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14th February 1999
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SEC proposes reforms for more transparency and security

One of the more noteworthy trends seen in our securities market over the last year has been the request for placement of new shares directly with institutional investors. Through a direct placement a company can raise capital by placing new shares with persons or institutions selected by the company.

Apart from the infusion of fresh capital, such placements can facilitate the induction of foreign collaborators with technology and the acquisition of management control. In a direct placement, shares are not offered to existing shareholders or the general public.

Since the new shares are not offered to existing shareholders, there is an element of dilution of their holding. Direct placements permit the raising of large amounts of capital by obviating the need to conform to the procedure of a rights issue. 

There are several regulatory concerns, which arise in direct placements, such as pricing, dilution, parties with whom the shares are placed, aspects of control etc. This Consultation Paper proposes certain reforms in some of the critical areas. From a regulatory perspective, the most important challenge arising from these proposals is to seek to maintain a high degree of transparency and security while at the same time allowing listed companies convenient access to the financial markets in order that they may be able to find the necessary financing for development. The table at right summarises the relative merits and drawbacks of a rights offering and a direct placement.

The SEC intends circulating this Consultation Paper to market participants and the share-holding public to elicit views on the subject. Comments may be sent to the Research Division, Securities and Exchange Commission of Sri Lanka, Level 11 East Tower, World Trade Centre, Colombo 1 by February 26th 1999. Comments could also be e-mailed to :—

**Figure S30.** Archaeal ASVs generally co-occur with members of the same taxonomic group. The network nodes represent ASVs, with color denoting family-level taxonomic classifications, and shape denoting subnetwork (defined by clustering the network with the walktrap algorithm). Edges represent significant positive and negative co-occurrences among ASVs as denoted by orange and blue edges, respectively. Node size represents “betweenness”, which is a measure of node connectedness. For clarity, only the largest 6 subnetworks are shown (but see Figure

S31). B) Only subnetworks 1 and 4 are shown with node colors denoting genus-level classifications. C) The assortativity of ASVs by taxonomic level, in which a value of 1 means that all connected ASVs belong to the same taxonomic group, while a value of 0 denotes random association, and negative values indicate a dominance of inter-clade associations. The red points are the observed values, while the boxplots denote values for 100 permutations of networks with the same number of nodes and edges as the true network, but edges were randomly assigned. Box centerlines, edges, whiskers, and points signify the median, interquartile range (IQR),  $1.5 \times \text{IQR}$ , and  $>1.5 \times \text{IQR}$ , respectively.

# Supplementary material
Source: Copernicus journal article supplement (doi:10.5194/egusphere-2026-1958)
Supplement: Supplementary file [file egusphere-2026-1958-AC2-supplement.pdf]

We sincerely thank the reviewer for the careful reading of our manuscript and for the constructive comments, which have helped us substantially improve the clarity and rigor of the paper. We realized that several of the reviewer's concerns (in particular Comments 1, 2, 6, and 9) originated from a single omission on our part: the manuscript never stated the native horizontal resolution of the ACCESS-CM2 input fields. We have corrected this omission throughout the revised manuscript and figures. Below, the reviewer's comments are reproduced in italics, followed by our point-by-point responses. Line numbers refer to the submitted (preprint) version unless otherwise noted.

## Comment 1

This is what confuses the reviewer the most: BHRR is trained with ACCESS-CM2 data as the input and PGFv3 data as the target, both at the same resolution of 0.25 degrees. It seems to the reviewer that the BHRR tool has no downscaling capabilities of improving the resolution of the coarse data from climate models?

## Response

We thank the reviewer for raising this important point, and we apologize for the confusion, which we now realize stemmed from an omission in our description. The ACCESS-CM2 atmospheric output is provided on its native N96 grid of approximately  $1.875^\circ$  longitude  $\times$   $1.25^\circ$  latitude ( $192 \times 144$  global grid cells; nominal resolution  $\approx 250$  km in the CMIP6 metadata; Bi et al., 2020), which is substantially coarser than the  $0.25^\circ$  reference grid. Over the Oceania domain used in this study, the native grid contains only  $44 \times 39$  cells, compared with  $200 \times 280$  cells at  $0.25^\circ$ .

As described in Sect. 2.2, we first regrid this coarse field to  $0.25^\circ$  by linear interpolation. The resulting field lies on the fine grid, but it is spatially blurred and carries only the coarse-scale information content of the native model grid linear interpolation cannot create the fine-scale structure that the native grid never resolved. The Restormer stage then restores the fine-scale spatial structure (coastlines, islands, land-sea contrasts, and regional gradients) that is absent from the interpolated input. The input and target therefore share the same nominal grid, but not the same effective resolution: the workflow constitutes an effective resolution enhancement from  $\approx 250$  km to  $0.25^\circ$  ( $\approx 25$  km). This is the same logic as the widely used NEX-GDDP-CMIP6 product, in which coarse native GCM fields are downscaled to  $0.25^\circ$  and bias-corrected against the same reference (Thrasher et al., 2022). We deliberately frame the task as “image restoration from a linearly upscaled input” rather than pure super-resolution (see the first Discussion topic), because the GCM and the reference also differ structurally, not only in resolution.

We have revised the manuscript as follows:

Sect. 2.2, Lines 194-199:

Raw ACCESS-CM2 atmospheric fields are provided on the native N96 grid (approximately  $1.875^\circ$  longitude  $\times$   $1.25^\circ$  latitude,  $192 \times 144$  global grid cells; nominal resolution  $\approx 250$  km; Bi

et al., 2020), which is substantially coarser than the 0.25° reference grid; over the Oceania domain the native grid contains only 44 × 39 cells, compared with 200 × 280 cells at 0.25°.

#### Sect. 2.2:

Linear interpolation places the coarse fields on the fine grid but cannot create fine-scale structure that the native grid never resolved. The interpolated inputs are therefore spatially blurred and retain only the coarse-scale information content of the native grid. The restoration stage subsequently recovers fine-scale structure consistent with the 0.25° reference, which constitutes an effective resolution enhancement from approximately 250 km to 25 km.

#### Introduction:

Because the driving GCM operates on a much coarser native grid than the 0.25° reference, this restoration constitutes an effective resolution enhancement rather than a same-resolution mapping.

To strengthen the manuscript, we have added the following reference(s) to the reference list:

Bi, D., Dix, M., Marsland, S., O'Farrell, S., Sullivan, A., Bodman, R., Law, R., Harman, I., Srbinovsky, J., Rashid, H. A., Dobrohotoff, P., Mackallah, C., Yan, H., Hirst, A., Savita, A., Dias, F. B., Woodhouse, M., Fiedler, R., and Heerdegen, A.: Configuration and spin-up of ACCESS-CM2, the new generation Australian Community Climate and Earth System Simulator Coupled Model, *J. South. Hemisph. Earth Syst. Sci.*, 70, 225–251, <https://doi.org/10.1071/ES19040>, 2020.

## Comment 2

Regulatory Issues
The size of the offering: The size of the offering has a direct relationship on the extent and magnitude of dilution. A small shareholder who holds only 100 shares of the issued share capital of a company may consider the dilution as insignificant. However, a shareholder with 10% of the share-holding may consider the dilution significant. Bearing this in mind, in some emerging markets, private placements are restricted to a maximum of 10% of the issued share capital before the placement.

This is to minimise the dilution of the value of existing share-holdings. On the other hand, in some countries, placements which are approved by passing of a Special Resolution by the members of the issuing company are excluded from the ambit of regulations provided that it does not lead to a change in control.

The Securities and Exchange Commission has followed the practice of permitting direct placements of upto a maximum of only 12% of the existing share capital of a company in instances where the new shares are not offered as rights to existing shareholders, even though a placement of a higher percentage may have been sanctioned by shareholders by special resolution.

The Rules and the Regulations of the Colombo Stock Exchange embody the principle of pre-emption rights in respect of a new issue of shares by a company. In terms of this principle, when a company issues new shares, such shares must first be offered to the existing shareholders in proportion to the number of shares held by them, thereby affording them the opportunity to maintain their percentage holding in the company.